Impending wage negotiations between labor unions representing workers at South Africa’s gold and coal mines and the Chamber of Mines of South Africa, representing the mining companies, were scheduled to begin in early June 2013. In late May, the National Union of Mineworkers (NUM) said in a submission to the Chamber of Mines that it would be seeking an entry-level minimum monthly wage of R7,000 for gold and coal surface workers, up 49% from about R4,700, and R8,000 for underground workers, up 60% from about R5,000. (The South Africa rand/U.S. dollar conversion rate at the end of May was about R10 = $1, near a 10-year low for the rand). NUM also said it wanted 15% increases in all other wage categories.
As of May 26, the Association of Mineworkers and Construction Union (AMCU), NUM’s militant rival, had not said what its wage demands would be.
NUM’s wage demands were variously characterized as “crazy,” “outrageous,” and “nutty,” among other adjectives, by industry participants and observers.
In late May, South Africa’s government weighed in when President Jacob Zuma called on the unions to act in the best interests of the country and not wreck the economy in pursuit of higher wages.
Much of the ongoing turmoil regarding labor in South Africa’s mines results directly from competition for members between the relatively new AMCU and the historically dominant NUM. NUM feels compelled to show its dwindling support base that it is on their side and can deliver a substantial pay increase; otherwise it risks being sidelined by AMCU in the gold and other industries, as is already happening in platinum.
In a sense, the mines are caught in the middle of this turf war between the unions.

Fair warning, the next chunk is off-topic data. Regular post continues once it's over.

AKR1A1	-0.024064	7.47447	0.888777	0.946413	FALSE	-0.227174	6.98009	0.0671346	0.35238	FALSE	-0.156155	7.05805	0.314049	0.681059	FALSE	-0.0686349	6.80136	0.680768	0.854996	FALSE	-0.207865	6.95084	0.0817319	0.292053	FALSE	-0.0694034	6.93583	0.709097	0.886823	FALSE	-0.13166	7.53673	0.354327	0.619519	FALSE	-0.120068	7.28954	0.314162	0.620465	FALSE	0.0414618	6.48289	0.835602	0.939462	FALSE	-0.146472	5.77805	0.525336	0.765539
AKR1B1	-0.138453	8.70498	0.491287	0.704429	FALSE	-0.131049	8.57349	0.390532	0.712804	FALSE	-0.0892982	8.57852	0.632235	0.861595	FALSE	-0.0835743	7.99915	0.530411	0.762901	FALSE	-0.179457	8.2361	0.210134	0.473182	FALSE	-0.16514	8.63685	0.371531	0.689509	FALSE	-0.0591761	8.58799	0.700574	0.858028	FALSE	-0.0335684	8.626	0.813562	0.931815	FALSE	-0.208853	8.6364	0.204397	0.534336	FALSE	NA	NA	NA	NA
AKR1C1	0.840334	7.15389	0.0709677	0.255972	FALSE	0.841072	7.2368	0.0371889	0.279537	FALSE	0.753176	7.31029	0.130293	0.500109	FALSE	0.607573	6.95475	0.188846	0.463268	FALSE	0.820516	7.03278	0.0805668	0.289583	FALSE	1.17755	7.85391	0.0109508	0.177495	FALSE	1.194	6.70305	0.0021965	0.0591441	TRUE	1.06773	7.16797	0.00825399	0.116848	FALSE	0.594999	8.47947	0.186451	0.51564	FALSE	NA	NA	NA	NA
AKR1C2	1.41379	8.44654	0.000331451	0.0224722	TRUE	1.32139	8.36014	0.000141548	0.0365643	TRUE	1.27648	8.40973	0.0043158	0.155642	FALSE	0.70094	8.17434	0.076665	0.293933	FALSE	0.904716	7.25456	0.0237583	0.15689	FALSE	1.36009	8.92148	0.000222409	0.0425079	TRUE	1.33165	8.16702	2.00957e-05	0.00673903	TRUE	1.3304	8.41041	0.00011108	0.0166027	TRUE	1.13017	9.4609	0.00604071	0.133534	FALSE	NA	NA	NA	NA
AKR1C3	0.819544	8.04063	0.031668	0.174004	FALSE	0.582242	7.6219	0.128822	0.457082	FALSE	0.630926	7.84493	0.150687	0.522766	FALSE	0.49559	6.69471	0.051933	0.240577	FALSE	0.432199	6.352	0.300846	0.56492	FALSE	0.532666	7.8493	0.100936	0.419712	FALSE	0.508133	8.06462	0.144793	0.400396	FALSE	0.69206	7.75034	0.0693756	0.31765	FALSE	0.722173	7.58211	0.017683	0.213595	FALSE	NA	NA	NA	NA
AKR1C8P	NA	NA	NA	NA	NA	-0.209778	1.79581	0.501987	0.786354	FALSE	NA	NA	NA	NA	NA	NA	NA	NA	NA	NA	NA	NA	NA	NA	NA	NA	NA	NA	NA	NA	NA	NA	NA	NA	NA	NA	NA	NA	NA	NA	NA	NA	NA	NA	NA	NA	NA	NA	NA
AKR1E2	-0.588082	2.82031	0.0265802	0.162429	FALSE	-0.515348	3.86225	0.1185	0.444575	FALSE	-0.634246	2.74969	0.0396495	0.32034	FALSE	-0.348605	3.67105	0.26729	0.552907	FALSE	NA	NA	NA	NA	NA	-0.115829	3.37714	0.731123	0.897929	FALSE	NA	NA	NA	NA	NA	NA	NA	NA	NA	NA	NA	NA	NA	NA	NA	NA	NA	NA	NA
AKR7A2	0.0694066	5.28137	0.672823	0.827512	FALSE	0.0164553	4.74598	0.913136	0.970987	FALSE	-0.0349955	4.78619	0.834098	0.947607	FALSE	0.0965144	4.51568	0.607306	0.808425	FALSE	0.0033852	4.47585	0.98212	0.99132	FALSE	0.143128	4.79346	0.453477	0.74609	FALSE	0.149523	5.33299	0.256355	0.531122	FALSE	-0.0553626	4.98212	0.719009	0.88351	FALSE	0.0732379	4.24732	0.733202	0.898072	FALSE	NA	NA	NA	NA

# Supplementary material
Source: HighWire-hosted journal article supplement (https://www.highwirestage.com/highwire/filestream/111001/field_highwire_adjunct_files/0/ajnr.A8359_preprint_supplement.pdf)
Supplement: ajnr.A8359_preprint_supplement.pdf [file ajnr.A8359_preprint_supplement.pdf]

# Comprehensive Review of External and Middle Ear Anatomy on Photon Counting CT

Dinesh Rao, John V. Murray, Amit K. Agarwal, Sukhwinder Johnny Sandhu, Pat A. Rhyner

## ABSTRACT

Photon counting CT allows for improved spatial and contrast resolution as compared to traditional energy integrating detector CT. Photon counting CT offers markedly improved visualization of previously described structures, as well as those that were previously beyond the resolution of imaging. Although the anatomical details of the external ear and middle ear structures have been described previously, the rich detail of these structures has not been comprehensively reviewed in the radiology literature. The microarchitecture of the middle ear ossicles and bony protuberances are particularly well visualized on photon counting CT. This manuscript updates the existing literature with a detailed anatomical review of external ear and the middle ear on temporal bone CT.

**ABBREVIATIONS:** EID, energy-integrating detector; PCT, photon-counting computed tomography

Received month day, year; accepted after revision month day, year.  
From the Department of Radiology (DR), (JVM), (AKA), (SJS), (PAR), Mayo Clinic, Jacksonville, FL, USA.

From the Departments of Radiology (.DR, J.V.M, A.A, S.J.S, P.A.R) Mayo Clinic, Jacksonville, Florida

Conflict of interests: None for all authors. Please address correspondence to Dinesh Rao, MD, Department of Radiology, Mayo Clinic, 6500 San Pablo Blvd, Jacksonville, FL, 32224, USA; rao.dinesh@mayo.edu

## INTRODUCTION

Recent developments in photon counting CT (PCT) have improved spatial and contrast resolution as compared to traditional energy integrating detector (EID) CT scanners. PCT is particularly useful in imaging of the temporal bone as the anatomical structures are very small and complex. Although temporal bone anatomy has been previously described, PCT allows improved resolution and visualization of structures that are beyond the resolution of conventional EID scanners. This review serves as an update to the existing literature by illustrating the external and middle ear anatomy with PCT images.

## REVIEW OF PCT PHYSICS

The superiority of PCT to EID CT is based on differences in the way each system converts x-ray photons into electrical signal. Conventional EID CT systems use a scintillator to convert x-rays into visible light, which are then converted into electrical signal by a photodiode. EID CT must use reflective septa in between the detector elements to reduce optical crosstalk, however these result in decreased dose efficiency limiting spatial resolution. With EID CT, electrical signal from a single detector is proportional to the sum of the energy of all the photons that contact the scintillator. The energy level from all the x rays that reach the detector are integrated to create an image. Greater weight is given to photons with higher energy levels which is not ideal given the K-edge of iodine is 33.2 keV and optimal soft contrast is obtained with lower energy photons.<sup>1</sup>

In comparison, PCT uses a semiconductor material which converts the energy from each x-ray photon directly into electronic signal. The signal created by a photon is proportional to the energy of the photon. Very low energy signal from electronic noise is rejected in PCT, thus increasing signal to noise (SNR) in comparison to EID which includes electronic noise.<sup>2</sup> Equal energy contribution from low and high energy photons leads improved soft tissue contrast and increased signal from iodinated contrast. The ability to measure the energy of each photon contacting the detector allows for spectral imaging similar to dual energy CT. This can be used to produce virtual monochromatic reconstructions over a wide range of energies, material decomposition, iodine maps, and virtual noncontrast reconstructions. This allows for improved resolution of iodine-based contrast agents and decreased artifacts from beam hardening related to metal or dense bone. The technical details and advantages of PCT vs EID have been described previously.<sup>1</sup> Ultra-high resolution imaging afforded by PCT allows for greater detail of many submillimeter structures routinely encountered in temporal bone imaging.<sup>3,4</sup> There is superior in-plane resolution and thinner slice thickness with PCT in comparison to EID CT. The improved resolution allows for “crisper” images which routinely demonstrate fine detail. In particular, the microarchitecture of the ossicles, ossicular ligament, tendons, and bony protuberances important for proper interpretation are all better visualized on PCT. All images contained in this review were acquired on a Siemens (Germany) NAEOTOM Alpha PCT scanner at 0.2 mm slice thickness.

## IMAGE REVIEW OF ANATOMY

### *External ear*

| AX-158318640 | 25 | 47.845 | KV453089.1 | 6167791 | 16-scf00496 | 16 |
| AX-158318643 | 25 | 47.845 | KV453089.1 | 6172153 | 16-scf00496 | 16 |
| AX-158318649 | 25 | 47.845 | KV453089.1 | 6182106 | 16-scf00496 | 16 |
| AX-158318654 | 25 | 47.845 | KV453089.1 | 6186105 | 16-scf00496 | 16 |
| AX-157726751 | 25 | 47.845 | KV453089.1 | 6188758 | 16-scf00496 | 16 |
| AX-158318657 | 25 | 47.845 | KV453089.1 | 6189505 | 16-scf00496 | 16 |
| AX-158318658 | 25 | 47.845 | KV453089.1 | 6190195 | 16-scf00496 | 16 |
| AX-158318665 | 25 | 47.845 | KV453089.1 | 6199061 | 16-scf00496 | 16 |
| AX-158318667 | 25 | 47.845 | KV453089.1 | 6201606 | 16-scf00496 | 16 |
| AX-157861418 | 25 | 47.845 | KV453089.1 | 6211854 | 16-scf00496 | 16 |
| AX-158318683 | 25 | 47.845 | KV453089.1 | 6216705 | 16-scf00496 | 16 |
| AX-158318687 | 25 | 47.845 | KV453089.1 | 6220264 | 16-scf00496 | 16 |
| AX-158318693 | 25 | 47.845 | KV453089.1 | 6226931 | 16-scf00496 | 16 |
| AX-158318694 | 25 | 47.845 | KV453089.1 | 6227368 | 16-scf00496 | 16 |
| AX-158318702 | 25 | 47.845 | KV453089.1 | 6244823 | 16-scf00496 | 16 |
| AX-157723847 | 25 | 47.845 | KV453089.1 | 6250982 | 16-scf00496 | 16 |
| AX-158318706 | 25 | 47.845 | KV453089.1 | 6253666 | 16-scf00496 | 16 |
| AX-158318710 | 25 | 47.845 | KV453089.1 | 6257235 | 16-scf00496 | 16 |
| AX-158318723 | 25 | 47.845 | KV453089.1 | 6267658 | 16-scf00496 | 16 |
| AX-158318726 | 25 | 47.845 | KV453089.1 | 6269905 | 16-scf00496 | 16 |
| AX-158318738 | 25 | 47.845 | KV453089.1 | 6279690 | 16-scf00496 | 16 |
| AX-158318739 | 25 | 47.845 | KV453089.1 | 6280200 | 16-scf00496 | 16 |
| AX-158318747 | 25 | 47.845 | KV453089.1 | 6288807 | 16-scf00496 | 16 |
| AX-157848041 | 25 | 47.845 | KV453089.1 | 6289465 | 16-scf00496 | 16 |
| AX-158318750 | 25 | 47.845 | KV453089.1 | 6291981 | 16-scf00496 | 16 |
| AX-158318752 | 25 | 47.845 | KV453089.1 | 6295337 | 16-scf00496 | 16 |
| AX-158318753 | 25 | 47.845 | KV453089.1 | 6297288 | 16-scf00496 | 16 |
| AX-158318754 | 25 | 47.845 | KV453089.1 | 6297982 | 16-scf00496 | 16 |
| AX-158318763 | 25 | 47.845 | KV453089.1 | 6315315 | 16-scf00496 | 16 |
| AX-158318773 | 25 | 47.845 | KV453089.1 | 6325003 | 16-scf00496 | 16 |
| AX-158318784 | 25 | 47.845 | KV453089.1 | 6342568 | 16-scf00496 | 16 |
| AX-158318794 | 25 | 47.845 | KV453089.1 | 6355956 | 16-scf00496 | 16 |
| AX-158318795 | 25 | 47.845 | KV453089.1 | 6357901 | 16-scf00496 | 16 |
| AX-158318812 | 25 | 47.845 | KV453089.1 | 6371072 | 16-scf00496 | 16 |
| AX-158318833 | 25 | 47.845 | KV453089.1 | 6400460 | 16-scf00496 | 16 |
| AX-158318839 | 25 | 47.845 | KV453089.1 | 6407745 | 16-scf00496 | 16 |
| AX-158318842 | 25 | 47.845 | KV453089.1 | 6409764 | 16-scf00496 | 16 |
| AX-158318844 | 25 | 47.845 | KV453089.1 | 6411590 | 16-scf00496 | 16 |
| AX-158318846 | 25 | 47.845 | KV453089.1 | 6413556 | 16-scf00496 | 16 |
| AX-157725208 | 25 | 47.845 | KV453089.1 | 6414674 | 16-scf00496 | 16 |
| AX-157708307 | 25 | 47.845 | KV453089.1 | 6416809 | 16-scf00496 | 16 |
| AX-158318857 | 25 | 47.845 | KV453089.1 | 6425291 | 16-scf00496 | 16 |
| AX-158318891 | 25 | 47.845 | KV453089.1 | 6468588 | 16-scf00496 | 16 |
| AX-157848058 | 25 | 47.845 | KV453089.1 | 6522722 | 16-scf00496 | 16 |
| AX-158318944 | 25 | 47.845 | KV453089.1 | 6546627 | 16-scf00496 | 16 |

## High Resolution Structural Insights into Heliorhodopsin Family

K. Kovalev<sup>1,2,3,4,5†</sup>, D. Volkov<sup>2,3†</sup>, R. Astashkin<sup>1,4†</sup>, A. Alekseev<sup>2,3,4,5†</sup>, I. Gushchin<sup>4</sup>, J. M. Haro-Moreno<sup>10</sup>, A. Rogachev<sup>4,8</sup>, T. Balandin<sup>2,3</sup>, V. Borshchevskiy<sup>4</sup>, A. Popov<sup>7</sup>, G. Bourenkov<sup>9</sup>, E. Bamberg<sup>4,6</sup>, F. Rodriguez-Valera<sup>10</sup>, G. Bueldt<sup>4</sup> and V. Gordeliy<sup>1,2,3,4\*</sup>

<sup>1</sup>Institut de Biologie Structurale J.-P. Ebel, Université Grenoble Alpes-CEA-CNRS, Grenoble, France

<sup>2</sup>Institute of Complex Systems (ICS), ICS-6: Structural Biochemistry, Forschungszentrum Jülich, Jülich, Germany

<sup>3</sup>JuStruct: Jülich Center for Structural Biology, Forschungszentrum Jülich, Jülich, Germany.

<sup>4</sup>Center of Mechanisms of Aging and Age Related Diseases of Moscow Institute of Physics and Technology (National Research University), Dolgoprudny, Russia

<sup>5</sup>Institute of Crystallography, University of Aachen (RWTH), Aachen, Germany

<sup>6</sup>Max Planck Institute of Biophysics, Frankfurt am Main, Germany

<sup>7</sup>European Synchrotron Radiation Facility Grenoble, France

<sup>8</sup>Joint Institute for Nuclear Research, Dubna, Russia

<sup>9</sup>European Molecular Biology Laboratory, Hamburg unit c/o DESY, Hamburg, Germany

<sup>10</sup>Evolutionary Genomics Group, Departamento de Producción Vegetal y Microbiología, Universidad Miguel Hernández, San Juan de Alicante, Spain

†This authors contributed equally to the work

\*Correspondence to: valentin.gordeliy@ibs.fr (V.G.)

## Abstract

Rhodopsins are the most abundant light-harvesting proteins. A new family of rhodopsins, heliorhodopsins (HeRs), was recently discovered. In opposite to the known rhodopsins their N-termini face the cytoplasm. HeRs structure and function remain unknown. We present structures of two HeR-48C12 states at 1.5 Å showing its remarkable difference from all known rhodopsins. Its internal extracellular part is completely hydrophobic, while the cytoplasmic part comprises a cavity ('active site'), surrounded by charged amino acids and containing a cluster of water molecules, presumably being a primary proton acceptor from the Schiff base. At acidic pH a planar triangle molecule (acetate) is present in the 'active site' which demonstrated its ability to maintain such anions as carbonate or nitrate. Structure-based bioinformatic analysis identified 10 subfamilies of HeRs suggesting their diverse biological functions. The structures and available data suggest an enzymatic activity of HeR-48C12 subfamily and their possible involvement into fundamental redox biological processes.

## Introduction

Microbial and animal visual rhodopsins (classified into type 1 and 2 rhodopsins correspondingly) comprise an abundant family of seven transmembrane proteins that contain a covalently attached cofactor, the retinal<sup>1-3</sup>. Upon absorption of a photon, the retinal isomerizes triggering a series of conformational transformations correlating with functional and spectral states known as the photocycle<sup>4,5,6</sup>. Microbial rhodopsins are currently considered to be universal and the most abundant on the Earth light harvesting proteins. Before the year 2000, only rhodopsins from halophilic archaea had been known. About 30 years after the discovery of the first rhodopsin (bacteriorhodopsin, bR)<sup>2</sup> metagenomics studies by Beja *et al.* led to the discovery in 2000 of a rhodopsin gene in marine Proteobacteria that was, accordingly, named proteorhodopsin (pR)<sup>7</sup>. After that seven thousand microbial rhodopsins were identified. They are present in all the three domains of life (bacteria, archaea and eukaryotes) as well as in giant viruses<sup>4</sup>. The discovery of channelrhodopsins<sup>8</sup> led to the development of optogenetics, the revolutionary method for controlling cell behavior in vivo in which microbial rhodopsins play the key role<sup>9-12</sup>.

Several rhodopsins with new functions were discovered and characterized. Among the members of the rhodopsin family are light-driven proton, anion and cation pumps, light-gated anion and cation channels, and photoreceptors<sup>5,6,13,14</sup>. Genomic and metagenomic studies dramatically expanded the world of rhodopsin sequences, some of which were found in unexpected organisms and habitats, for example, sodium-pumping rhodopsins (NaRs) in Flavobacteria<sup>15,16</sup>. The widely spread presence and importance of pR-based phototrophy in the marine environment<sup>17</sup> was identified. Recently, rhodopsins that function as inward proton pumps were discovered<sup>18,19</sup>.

In South Africa’s platinum mining sector, wages are negotiated on a company-by-company basis, not collectively as is the case for gold and coal. Platinum producers are not included in the current gold and coal wage negotiations, however, platinum producers have their own labor-related issues.
On May 10, Anglo American Platinum announced revisions to its proposed restructuring, originally announced in January, that would have shut down some unprofitable production and resulted in the loss of about 14,000 jobs.
Unions and government said those job losses could not be allowed to happen, and a period of negotiations followed.
Anglo Platinum’s May 10 revisions grew out of the negotiations and included a reduction in the number of lost jobs to 6,000. However, the AMCU was continuing to insist that no jobs could be lost, and there remained some potential for labor unrest resulting from Anglo Platinum’s efforts to get its operations on an economically sustainable footing. Further discussions and negotiations were planned for late May.
On May 23, platinum producer Lonmin reported that its negotiations with AMCU to conclude a new union recognition agreement had ground to a halt, with no hope of further progress. As a next step, Lonmin initiated an arbitration process, referring the matter to South Africa’s Commission for Conciliation, Mediation and Arbitration.
Lonmin and AMCU will present their respective views to the arbitrator, who will then make a ruling that will be binding on both parties. There is no set timeframe to conclude this process, but Lonmin said it might reasonably be expected to take four to six weeks to complete.
“We are disappointed that we have been unable to find common ground but remain hopeful that the dispute will be resolved, which is in all of our interests,” said acting Lonmin CEO Simon Scott.